Economy

How a banker ReNewed his career

N. Ramakrishnan | Updated on March 12, 2018 Published on October 14, 2012

Sumant Sinha, Chairman and CEO, ReNew Power Ventures Pvt. Ltd. — N. Ramakrishnan

“What happens to professionals like us is the better you do in your career, the harder it becomes to leave your career and do something on your own. The more you have to lose,” says Sumant Sinha, who quit a high-profile corporate career to start a venture on his own.

An alumnus of IIT-Delhi and IIM-Calcutta, Sinha joined the Tata Administrative Service, from where he went to Columbia University in the US for a master’s in international affairs. He was an investment banker for more than a decade, first with Citibank and then with ING Barings, in the US and London, UK, before he returned to India in 2002 to join the Aditya Birla Group as its Chief Financial Officer.

After little over five years in the Aditya Birla group, Sinha moved to Suzlon as its Chief Operating Officer. After two years with the wind-turbine manufacturer, Sinha decided it was time to move on and do something on his own. What else but float a company that would become an independent power producer of renewable energy.

He floated ReNew Power Ventures Pvt Ltd towards the end of 2010 and used the next few months to build his team, identify projects and start work on them.

Willing to take risk

What helped him make his decision to quit and start on his own? “I had worked enough for various people. What also helped was that I saw two very different types of promoters and felt that at some level running a business or creating value in business was possible for a lot of professionals provided they are willing to take the risk,” says Sinha, Chairman and CEO of ReNew Power, in his office in Gurgaon.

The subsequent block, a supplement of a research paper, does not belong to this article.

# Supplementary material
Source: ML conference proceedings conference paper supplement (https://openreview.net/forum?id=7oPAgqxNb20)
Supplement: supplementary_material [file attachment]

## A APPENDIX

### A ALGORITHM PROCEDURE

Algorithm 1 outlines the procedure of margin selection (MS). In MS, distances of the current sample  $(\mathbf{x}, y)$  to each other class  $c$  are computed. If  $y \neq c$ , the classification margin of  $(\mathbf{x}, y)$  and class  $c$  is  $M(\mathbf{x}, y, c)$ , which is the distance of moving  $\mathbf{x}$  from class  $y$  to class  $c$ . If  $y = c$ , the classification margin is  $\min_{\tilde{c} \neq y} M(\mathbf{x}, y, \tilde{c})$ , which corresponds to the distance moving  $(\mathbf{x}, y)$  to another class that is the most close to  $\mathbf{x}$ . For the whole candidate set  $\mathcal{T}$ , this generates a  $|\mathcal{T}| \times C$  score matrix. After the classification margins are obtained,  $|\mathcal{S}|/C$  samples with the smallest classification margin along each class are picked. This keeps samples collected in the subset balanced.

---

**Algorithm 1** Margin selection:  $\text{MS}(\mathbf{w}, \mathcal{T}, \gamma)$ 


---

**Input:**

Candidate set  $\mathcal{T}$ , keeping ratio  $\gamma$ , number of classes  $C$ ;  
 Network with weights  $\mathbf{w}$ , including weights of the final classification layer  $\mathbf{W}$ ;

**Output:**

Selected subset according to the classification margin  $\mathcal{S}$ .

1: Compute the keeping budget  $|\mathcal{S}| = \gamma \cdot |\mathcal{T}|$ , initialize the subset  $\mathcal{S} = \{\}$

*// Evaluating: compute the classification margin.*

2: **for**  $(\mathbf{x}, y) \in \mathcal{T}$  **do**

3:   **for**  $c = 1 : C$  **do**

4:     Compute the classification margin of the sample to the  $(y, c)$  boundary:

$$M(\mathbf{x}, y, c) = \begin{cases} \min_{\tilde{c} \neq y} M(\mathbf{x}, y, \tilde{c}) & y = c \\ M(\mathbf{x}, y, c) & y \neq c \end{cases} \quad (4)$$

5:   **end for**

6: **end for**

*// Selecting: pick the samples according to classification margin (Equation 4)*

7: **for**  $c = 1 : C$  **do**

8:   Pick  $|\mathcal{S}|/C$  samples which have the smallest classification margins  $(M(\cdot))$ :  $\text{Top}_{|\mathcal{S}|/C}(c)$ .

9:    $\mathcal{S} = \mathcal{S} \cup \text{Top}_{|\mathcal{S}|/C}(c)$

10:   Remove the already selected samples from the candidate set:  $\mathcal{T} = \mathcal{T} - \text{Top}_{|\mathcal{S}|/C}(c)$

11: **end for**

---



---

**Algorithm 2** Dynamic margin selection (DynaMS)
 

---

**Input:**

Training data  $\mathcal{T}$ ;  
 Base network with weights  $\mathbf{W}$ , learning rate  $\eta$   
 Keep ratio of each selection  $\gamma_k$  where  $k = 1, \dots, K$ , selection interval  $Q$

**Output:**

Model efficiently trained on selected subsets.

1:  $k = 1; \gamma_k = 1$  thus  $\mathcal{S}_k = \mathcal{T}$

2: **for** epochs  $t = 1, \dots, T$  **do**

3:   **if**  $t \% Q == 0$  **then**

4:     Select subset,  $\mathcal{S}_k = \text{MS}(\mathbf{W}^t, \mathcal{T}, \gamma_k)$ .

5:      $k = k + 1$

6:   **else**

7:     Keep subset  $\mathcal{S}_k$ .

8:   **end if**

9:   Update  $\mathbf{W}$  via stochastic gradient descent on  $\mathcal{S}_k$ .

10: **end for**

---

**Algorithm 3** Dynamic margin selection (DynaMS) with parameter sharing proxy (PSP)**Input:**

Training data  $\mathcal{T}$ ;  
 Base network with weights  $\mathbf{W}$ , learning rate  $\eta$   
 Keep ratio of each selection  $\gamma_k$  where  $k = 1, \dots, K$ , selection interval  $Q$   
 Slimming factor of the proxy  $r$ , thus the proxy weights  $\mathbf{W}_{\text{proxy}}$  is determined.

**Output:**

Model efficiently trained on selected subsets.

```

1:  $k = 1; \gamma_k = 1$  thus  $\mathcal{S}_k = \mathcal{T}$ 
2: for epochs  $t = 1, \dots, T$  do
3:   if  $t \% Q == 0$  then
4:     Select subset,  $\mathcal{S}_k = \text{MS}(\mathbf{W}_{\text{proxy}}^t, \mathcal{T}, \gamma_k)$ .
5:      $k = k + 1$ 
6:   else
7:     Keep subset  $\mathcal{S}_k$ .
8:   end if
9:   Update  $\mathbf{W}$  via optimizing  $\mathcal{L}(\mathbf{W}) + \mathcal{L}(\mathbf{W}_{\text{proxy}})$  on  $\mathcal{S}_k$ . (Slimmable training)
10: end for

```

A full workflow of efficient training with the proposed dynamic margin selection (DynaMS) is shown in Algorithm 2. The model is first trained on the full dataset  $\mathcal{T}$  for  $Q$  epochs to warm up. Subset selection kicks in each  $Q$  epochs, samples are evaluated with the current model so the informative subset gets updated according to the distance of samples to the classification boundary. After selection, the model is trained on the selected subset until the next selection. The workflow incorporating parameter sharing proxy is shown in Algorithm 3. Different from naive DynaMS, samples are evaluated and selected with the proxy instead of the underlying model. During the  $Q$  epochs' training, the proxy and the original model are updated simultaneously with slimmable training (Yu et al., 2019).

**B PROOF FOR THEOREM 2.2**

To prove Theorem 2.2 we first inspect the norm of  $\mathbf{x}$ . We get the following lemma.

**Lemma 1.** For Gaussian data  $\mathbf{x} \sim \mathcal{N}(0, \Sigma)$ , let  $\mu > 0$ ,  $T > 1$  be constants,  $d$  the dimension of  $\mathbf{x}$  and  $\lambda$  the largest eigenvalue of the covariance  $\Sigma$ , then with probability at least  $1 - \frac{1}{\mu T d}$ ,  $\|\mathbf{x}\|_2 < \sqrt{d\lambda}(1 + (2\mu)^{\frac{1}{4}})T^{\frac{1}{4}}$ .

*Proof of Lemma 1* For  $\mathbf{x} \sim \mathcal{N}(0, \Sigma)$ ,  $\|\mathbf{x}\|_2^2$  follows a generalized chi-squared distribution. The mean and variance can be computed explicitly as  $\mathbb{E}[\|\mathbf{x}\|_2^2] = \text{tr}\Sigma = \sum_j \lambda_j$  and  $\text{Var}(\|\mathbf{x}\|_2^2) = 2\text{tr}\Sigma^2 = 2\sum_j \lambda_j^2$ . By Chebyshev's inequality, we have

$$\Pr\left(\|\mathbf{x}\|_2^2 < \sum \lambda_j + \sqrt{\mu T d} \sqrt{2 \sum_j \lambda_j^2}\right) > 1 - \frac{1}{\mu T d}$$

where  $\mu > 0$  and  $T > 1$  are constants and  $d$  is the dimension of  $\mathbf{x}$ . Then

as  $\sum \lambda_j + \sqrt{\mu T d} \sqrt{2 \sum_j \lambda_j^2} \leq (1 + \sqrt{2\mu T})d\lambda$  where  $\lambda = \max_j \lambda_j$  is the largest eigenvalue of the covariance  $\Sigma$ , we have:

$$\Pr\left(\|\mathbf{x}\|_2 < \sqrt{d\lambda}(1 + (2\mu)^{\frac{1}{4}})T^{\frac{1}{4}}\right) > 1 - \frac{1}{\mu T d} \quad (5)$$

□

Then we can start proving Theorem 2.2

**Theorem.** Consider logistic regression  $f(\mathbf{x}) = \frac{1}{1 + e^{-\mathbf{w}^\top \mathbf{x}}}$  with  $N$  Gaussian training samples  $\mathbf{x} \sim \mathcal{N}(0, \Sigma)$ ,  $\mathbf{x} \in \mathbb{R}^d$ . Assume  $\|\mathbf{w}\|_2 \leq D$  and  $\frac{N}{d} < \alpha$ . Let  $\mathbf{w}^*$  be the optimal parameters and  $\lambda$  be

“Why should our background or experience prevent us from taking this risk?” Both at the Aditya Birla Group and Suzlon he had exposure to investment bankers and private-equity players. He was convinced that capital was available provided the idea and the team were good. “I had this thesis when I left Suzlon that capital in India was there. What was lacking was people with ideas to take advantage of that capital. And for these capital providers to find good managements to back,” says Sinha.

Shortly after he set up ReNew Power with his own funds, Sinha and his team began the task of raising capital. ReNew Power’s plan was to install and operate renewable-energy assets — wind to begin with and solar later — generate electricity, and sell it to the State utilities or any other buyer.

Renewable energy is a capital-hungry business and Sinha had to quickly raise funds if he were to get his projects off the ground. This was in early 2011, which was not the best of times to raise private capital because of the Euro-Zone crisis and problems in the US re-surfacing. But Sinha did not have any choice. “It wasn’t the ideal time to raise money. But we didn’t really have a choice. It was go and raise money and be successful or wind up the business,” he says.

Raising funds